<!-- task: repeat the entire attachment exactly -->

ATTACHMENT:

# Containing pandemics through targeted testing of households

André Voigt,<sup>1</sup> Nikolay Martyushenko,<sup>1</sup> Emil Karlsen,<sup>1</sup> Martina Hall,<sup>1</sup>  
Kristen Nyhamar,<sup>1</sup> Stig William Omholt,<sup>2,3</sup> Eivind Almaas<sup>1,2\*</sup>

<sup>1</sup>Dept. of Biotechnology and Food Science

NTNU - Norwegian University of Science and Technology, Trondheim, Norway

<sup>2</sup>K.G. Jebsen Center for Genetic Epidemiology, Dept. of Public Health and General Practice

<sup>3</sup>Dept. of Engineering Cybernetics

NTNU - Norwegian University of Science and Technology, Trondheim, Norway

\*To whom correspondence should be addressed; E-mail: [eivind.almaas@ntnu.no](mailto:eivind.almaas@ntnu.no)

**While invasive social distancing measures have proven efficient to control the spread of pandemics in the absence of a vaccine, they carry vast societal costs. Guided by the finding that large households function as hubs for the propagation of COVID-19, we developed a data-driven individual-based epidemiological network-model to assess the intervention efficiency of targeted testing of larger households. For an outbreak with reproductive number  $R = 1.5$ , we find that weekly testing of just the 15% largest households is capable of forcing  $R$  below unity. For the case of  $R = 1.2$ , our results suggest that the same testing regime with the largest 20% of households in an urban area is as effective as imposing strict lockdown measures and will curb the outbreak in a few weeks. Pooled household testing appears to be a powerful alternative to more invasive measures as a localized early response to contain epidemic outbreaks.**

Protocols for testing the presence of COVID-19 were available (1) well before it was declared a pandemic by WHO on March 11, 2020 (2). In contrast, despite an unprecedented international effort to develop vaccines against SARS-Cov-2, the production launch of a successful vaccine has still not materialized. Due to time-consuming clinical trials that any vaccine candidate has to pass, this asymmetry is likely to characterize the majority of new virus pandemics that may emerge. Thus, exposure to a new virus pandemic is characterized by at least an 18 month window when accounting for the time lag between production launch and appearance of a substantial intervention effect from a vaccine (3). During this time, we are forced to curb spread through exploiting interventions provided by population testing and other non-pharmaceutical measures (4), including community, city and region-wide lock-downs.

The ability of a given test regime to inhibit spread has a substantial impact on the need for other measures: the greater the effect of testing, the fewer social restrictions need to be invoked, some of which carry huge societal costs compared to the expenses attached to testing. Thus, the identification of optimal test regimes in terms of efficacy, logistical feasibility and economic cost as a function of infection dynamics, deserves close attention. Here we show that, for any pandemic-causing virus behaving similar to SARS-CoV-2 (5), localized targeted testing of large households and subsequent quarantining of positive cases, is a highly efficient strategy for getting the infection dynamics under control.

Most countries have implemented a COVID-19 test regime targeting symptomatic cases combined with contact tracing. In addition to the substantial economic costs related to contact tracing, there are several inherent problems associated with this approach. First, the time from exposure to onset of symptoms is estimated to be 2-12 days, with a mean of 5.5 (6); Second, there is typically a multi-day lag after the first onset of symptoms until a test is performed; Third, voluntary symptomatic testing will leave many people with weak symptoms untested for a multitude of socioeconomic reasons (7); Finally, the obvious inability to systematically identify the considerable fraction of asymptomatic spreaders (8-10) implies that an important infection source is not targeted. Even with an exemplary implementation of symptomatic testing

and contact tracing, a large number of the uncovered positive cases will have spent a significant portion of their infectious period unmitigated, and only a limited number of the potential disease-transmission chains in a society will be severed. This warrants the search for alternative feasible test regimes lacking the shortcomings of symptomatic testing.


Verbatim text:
# Containing pandemics through targeted testing of households

André Voigt,<sup>1</sup> Nikolay Martyushenko,<sup>1</sup> Emil Karlsen,<sup>1</sup> Martina Hall,<sup>1</sup>  
Kristen Nyhamar,<sup>1</sup> Stig William Omholt,<sup>2,3</sup> Eivind Almaas<sup>1,2\*</sup>

<sup>1</sup>Dept. of Biotechnology and Food Science

NTNU - Norwegian University of Science and Technology, Trondheim, Norway

<sup>2</sup>K.G. Jebsen Center for Genetic Epidemiology, Dept. of Public Health and General Practice

<sup>3</sup>Dept. of Engineering Cybernetics

NTNU - Norwegian University of Science and Technology, Trondheim, Norway

\*To whom correspondence should be addressed; E-mail: [eivind.almaas@ntnu.no](mailto:eivind.almaas@ntnu.no)

**While invasive social distancing measures have proven efficient to control the spread of pandemics in the absence of a vaccine, they carry vast societal costs. Guided by the finding that large households function as hubs for the propagation of COVID-19, we developed a data-driven individual-based epidemiological network-model to assess the intervention efficiency of targeted testing of larger households. For an outbreak with reproductive number  $R = 1.5$ , we find that weekly testing of just the 15% largest households is capable of forcing  $R$  below unity. For the case of  $R = 1.2$ , our results suggest that the same testing regime with the largest 20% of households in an urban area is as effective as imposing strict lockdown measures and will curb the outbreak in a few weeks. Pooled household testing appears to be a powerful alternative to more invasive measures as a localized early response to contain epidemic outbreaks.**

Protocols for testing the presence of COVID-19 were available (1) well before it was declared a pandemic by WHO on March 11, 2020 (2). In contrast, despite an unprecedented international effort to develop vaccines against SARS-Cov-2, the production launch of a successful vaccine has still not materialized. Due to time-consuming clinical trials that any vaccine candidate has to pass, this asymmetry is likely to characterize the majority of new virus pandemics that may emerge. Thus, exposure to a new virus pandemic is characterized by at least an 18 month window when accounting for the time lag between production launch and appearance of a substantial intervention effect from a vaccine (3). During this time, we are forced to curb spread through exploiting interventions provided by population testing and other non-pharmaceutical measures (4), including community, city and region-wide lock-downs.

The ability of a given test regime to inhibit spread has a substantial impact on the need for other measures: the greater the effect of testing, the fewer social restrictions need to be invoked, some of which carry huge societal costs compared to the expenses attached to testing. Thus, the identification of optimal test regimes in terms of efficacy, logistical feasibility and economic cost as a function of infection dynamics, deserves close attention. Here we show that, for any pandemic-causing virus behaving similar to SARS-CoV-2 (5), localized targeted testing of large households and subsequent quarantining of positive cases, is a highly efficient strategy for getting the infection dynamics under control.

Most countries have implemented a COVID-19 test regime targeting symptomatic cases combined with contact tracing. In addition to the substantial economic costs related to contact tracing, there are several inherent problems associated with this approach. First, the time from exposure to onset of symptoms is estimated to be 2-12 days, with a mean of 5.5 (6); Second, there is typically a multi-day lag after the first onset of symptoms until a test is performed; Third, voluntary symptomatic testing will leave many people with weak symptoms untested for a multitude of socioeconomic reasons (7); Finally, the obvious inability to systematically identify the considerable fraction of asymptomatic spreaders (8-10) implies that an important infection source is not targeted. Even with an exemplary implementation of symptomatic testing

and contact tracing, a large number of the uncovered positive cases will have spent a significant portion of their infectious period unmitigated, and only a limited number of the potential disease-transmission chains in a society will be severed. This warrants the search for alternative feasible test regimes lacking the shortcomings of symptomatic testing.